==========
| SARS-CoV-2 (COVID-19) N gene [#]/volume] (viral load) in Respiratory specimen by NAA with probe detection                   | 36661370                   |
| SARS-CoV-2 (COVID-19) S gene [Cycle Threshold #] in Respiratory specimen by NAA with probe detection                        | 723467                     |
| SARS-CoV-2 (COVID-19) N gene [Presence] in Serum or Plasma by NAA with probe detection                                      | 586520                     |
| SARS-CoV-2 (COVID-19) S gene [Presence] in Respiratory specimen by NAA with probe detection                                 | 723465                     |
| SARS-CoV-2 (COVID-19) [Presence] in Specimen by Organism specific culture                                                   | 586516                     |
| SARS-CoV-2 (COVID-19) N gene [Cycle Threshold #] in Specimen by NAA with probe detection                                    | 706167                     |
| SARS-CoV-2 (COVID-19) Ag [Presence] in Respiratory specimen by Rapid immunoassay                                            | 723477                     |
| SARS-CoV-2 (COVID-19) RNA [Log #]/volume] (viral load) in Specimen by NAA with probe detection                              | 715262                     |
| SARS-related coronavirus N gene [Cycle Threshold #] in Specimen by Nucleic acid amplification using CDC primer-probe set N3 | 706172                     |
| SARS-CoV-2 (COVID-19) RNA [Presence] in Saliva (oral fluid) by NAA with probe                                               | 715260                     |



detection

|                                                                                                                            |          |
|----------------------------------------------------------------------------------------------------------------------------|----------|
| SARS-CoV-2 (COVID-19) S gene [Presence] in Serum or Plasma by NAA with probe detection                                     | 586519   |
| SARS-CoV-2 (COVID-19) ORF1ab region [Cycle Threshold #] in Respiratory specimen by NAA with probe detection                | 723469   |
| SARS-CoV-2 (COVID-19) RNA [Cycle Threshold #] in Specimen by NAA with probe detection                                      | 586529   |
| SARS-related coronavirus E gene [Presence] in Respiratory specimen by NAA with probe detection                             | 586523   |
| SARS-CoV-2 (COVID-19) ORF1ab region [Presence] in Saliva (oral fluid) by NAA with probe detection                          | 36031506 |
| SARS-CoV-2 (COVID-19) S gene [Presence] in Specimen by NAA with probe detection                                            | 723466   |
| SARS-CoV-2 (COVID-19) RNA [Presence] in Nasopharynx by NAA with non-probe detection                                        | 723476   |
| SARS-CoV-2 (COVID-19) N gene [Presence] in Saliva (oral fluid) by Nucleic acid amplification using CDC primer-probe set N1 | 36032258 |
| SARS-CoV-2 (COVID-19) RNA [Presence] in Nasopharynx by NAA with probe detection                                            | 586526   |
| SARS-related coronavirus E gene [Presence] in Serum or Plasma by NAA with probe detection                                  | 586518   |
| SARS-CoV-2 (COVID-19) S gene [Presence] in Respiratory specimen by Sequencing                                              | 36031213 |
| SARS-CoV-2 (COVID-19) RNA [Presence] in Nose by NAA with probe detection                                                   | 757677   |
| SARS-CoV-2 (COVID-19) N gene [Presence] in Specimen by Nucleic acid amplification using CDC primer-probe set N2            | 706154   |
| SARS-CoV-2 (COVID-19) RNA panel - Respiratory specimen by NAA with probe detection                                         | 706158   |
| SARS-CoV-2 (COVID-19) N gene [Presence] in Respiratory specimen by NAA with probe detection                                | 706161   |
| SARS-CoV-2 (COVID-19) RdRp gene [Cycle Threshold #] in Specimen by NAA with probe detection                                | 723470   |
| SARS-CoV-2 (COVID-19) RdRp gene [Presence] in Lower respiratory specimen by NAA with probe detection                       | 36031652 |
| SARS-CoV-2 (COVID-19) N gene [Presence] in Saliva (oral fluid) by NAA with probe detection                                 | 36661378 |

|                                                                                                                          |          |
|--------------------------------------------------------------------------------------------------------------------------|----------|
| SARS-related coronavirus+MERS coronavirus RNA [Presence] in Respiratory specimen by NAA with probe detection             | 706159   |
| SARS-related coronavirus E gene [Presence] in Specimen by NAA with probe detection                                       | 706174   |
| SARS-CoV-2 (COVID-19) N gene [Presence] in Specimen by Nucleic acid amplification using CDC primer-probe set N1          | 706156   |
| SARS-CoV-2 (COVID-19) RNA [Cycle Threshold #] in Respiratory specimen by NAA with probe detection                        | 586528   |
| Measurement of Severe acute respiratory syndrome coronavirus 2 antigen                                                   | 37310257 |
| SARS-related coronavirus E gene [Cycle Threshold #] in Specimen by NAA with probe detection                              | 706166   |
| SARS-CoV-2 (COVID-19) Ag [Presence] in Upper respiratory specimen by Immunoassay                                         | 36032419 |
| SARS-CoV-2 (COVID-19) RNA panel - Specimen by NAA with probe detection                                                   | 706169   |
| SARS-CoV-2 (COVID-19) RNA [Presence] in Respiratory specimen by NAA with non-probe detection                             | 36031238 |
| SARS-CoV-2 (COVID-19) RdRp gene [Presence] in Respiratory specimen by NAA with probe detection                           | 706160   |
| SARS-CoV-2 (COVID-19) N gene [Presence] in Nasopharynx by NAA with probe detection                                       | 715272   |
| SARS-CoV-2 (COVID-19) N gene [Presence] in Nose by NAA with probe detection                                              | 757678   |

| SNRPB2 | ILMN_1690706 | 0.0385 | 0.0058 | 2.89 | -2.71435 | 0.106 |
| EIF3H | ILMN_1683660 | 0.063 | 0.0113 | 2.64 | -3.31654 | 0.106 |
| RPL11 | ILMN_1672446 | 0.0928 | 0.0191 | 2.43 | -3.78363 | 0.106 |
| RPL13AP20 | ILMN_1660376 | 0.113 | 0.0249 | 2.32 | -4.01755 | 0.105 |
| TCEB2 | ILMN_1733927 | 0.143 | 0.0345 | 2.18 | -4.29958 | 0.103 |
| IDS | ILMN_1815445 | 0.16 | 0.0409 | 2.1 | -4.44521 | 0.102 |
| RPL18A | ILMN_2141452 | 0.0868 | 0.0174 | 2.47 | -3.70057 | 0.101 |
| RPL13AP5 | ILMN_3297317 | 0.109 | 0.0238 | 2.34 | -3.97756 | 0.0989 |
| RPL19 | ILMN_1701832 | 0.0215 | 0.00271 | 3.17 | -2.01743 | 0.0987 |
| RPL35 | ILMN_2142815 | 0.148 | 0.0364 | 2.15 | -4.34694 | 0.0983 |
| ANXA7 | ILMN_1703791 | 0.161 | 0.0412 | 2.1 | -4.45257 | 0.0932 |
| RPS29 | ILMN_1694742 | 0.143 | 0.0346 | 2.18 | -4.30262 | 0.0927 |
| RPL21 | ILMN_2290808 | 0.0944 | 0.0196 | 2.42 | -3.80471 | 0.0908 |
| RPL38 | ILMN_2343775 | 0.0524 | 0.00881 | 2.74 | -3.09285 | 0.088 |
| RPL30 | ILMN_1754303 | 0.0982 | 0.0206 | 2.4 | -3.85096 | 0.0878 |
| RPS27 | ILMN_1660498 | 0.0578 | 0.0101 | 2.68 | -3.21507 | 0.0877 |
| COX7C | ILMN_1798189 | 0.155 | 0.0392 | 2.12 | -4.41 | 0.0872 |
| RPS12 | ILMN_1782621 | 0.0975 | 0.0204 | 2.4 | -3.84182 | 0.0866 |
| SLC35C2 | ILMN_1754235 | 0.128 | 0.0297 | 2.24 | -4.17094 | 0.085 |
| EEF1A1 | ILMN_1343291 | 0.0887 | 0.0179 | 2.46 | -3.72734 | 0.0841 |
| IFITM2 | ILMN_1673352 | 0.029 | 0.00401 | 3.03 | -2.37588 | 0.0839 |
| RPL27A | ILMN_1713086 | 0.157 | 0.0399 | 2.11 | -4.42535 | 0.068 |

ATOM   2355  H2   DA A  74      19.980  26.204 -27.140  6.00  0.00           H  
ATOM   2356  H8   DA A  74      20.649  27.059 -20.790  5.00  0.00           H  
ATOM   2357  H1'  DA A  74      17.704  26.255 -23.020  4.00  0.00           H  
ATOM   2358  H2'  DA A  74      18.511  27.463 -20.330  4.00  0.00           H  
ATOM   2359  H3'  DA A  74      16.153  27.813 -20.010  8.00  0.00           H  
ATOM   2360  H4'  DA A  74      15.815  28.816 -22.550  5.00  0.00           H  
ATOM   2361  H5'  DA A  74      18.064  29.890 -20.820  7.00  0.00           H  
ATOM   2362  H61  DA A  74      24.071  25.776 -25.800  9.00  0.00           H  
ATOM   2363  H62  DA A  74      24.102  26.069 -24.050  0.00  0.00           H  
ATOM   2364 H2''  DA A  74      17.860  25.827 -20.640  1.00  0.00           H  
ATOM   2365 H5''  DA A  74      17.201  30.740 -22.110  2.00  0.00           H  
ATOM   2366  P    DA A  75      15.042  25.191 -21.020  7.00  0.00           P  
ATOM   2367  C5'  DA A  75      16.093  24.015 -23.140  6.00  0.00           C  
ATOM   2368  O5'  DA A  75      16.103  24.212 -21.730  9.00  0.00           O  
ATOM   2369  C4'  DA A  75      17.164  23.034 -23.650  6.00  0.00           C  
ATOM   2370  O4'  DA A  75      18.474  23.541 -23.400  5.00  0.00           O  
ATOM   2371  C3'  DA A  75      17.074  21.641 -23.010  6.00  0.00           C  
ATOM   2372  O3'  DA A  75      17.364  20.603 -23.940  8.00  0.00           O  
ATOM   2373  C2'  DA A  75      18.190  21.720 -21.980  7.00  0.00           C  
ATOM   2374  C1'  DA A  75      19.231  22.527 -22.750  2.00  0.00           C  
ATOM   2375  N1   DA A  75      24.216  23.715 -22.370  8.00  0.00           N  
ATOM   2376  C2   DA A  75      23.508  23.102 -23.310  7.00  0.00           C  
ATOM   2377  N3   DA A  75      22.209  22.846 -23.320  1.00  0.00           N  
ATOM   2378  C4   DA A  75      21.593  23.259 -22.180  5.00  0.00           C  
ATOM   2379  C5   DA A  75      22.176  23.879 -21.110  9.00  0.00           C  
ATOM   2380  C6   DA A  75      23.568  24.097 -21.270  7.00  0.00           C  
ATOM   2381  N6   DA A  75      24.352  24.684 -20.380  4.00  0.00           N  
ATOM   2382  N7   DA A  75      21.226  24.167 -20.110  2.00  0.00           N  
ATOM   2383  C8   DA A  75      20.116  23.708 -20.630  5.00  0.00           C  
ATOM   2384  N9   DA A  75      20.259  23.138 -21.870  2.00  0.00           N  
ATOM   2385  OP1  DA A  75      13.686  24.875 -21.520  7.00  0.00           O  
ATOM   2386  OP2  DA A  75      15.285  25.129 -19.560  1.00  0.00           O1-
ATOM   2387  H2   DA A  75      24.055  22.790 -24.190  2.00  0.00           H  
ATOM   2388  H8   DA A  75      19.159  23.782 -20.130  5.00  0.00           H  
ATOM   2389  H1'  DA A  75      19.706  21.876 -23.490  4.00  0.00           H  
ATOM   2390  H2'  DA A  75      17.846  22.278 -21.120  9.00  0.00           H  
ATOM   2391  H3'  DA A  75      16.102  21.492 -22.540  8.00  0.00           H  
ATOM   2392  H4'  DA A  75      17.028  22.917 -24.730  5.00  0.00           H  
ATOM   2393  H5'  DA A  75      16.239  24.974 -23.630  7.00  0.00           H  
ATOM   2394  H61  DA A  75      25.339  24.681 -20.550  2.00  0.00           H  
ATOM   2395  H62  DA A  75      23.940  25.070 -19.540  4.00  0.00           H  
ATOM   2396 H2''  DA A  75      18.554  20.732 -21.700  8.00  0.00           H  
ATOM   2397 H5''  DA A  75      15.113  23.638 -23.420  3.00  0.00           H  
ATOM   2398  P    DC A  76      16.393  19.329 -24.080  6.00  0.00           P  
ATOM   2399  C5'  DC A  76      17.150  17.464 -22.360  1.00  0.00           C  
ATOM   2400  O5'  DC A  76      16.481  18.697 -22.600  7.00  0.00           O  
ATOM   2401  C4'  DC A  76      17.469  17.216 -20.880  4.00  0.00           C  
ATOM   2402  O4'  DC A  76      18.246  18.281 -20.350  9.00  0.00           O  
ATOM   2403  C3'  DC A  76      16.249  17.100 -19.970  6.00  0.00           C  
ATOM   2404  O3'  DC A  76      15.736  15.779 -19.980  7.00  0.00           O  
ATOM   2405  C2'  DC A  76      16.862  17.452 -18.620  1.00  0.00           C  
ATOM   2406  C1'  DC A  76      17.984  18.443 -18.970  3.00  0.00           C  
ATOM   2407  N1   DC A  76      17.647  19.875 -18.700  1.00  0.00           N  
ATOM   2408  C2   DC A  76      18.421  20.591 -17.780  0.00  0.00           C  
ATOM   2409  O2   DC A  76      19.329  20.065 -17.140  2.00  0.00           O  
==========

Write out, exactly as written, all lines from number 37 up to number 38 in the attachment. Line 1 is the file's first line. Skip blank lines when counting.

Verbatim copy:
| SARS-CoV-2 (COVID-19) RNA [Cycle Threshold #] in Respiratory specimen by NAA with probe detection                        | 586528   |
| Measurement of Severe acute respiratory syndrome coronavirus 2 antigen                                                   | 37310257 |